English, it transpired, at Grammar School level consisted of pushing all the furniture to one side, dividing up into four teams, dressing up in smelly tattered clothes and unsavoury headgear and taking it in turns to act out a scenario in the available six foot square until Spike had had enough and rang a bell (known as the ‘tocsin’ er… ‘tocshin’). In this precursor to ‘Whose line is it anyway?’, Spike would award a number of points known as ‘goods’ (goodsh) with a top mark of six goods (shix goodsh) being greeted with a combination of delight and anxiety for the amount of spittle heading in one’s direction from the adjudication point. The real objective - and the way to clinch victory for your team - was to get your column of desks back in place in a straighter line than those of your competitors. The teams, of course, had to undertake this task by eye, but Spike umpired this most crucial of deciders with the help of the pole that had originally been designed to open windows. He would close one eye and, pretentiously peering down the pole through his closed eye, would bark out ‘four goodsh thish row’; ‘three goodsh for you’; ‘very good - shix goodsh’. Now why can’t UEFA come up with a tie breaker like that? In the event of a draw, it’s not the lottery of the penalty shoot out competition - it’s the team that can line up straightest for the national anthems.
Home for lunch, where I implied to my anxious parents that the morning had ‘gone OK’ - a strategy I used every day for years; they never challenged this analysis despite a succession of abysmal School Reports. After lunch, Mathematics was going to be fine - I’d always been good at sums at Victoria. But this wasn’t just sums. Mr CJH Ward (Charlie, not to be confused with the easily identified 'Beery’ Ward) was a very well meaning teacher although he made his mind up very quickly that every one of us would end up in Bedford Jail. He soon got down to introducing us to the delights of algebra, trigonometry, geometry and arithmetic with logarithms and, astonishingly, made it all fairly interesting - and, best of all, his teaching methods did not incorporate any gratuitous violence of any kind.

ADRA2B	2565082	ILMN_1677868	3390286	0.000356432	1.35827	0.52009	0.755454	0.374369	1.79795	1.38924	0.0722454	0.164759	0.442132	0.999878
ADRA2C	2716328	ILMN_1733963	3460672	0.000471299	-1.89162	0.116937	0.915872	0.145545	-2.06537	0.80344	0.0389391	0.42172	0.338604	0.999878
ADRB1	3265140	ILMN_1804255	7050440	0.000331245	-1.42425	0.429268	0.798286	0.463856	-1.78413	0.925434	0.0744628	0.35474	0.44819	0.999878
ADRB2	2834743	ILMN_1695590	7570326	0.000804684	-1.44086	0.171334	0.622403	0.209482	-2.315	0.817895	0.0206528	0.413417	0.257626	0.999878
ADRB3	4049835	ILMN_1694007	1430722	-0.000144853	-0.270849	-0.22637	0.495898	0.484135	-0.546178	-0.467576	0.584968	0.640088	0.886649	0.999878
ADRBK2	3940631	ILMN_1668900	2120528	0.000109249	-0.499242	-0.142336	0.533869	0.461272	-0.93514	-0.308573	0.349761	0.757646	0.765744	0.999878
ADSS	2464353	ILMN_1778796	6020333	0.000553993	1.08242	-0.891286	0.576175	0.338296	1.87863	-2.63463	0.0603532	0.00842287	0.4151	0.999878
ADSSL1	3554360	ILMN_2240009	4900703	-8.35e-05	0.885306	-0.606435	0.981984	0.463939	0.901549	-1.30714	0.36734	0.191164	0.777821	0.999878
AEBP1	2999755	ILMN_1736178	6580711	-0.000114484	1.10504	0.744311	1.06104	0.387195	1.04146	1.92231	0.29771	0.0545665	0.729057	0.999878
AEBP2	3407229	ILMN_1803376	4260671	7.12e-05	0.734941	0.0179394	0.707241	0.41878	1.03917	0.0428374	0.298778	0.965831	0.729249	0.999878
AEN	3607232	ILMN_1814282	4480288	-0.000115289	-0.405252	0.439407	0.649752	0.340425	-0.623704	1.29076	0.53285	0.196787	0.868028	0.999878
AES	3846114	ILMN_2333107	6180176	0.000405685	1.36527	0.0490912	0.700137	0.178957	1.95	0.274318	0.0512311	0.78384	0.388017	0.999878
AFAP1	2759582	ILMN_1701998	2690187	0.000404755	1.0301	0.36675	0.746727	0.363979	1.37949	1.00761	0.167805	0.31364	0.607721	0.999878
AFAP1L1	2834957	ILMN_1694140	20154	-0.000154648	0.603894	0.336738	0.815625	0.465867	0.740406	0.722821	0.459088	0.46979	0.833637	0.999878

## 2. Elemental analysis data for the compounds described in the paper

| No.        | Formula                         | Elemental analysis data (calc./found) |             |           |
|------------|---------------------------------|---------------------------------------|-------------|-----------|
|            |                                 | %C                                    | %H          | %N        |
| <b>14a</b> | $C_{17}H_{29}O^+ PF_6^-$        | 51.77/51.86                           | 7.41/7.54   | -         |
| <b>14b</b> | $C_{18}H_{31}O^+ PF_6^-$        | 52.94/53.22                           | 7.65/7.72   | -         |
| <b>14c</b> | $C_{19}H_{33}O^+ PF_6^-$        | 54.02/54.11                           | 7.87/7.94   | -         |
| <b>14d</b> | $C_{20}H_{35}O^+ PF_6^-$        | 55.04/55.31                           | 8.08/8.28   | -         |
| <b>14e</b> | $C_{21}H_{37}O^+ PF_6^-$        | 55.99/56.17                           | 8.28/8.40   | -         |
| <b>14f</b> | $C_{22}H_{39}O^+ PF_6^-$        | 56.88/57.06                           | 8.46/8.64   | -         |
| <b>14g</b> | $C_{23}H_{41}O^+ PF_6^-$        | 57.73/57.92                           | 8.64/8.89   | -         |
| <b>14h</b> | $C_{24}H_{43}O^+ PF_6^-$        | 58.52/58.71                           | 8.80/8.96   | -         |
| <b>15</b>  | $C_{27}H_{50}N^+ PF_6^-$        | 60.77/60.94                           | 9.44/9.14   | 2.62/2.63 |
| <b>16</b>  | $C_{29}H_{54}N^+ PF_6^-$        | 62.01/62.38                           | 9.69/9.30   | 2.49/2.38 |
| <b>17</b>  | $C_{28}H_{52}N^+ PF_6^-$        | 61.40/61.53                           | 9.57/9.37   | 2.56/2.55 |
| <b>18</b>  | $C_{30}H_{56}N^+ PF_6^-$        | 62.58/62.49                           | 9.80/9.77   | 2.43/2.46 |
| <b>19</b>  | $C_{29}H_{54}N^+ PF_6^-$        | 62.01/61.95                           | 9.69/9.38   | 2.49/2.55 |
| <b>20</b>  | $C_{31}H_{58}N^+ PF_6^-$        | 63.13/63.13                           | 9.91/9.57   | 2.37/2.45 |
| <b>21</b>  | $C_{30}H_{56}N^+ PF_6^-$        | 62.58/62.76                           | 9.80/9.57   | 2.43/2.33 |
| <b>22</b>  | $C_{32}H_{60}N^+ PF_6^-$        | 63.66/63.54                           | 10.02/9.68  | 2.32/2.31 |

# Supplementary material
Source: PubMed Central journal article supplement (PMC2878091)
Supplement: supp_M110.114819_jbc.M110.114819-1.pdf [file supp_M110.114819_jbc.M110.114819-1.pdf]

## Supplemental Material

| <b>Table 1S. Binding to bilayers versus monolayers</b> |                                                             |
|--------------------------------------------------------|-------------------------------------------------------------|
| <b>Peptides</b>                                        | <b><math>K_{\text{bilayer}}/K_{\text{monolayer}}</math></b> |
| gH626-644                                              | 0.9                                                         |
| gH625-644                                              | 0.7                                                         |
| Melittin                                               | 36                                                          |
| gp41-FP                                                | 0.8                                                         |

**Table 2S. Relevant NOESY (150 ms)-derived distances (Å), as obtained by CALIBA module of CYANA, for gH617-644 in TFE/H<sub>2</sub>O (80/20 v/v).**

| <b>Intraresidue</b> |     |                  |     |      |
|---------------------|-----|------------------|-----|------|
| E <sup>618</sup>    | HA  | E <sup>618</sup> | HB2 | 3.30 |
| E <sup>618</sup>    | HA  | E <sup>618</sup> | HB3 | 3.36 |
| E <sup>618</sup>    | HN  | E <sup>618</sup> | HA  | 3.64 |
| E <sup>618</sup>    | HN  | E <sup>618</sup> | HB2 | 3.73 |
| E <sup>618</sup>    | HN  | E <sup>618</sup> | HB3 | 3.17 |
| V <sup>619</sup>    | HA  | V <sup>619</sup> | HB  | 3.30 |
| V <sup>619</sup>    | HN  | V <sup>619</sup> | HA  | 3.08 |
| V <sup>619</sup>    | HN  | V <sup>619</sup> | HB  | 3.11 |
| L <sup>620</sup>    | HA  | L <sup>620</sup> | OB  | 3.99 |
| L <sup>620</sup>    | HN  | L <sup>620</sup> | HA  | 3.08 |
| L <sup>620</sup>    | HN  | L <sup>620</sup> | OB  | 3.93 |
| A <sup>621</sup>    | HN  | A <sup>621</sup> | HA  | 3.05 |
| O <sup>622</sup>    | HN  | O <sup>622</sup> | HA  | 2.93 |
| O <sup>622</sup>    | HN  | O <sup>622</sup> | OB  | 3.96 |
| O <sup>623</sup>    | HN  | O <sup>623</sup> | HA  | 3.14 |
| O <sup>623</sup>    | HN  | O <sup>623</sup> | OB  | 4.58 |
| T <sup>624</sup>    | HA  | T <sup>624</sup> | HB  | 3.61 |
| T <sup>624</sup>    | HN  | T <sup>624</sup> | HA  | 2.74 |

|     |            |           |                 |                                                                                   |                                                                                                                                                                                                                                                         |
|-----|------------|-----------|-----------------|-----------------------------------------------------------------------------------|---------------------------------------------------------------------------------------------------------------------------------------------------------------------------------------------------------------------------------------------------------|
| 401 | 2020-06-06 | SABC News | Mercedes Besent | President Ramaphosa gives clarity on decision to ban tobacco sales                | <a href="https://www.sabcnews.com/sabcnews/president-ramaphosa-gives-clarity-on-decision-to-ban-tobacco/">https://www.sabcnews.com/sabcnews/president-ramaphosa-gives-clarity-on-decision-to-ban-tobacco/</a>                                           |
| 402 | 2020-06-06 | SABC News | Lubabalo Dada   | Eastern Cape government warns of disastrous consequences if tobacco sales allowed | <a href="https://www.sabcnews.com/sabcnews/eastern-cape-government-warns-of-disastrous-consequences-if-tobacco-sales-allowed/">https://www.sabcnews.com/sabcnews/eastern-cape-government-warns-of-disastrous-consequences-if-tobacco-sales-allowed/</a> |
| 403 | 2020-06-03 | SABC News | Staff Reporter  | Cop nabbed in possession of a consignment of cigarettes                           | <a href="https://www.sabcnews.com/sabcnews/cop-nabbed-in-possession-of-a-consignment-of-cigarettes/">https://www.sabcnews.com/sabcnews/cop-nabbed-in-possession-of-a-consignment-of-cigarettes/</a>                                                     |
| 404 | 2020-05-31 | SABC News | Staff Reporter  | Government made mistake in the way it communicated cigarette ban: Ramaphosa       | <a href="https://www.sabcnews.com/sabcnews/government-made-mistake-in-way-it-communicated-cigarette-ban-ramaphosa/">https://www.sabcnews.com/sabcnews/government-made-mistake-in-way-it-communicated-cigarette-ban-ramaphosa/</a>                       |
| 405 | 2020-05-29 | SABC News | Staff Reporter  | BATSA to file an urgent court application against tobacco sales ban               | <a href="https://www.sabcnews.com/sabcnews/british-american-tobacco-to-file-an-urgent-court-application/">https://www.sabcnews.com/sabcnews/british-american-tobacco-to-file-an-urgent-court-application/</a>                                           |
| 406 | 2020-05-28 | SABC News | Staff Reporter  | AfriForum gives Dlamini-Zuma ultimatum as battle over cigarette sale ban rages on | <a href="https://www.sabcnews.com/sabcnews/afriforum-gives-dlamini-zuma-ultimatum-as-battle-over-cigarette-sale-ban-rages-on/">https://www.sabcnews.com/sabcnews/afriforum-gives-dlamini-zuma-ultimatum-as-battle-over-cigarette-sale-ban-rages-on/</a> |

The first day concluded with Geography with Mr Dunning - held in the next room to Mr CJH Ward’s except for the Headmaster’s office. I set out for Mr Dunning’s room only to be apprehended by a stocky lady (the only one in the entire school) we came to know as ‘Nora’, who explained quite forcibly that I was not allowed to go down the front corridor. To go the fifteen yards from Mr Ward’s room to Mr Dunning’s involved what would, nowadays, involve hiring a fleet of mini-buses for the kids to make the circuitous journey around the other three sides of a grass quadrangle - it was, it transpired, an even greater transgression to set foot on the quadrangle.